Tip Tuesday: Finding the Grainline on Knits

Hello! Welcome back to another Tip Tuesday! If you made it through Monday- you’re off to a good start! Our Air Conditioning broke in triple digit temps, and my sewing machine went on strike, so I’m going to put this one down to survival!

That said, I’ve got a fun video for you today on how to find the grainline on knits. All patterns have grainline marked on the pieces (or they SHOULD). The grainline almost always runs parallel to the selvedge of the fabric (the manufacturer’s logo or blank line along the edges, explained more in my video), and the stretch usually runs the other direction.

The grainline is easy to find on wovens, which tend to be more stable and fold easily. However, knits can be somewhat different. Here’s the method I use for finding the grainline in knits along the fold. Hope it’s helpful!

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  1. Jan Murry on July 26, 2017 at 7:17 am

    Thanks – always struggle with this!!

  2. Diana on December 27, 2019 at 10:45 am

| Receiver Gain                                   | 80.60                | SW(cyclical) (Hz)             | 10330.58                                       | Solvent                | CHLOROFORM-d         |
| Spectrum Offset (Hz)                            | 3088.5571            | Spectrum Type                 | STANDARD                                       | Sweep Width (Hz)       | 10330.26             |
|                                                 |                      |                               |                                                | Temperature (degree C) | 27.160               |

Very helpful! Thank you!

  3. Ellen on May 17, 2020 at 5:10 pm

    Thanks for the help! It seems that you have to fold wrong sides together in order to see the knit ribs because the back of the fabric looks like the “purl” side. Is that how you usually cut out your knits? I layed out my fabric and measured the selvage edge to lay even but can see it doesn’t look on grain at all. I’m going to try your technique

    • Sarah on May 17, 2020 at 9:32 pm

      Yes, I usually cut with the right side up. I’m not a knitter, so I’m not 100% sure which is the purl side- lol! Some fabrics ARE off grain- and sometimes you want to cut them in the opposite direction (like with customs that have 4 way stretch but have less show through when stretched on the cross grain).

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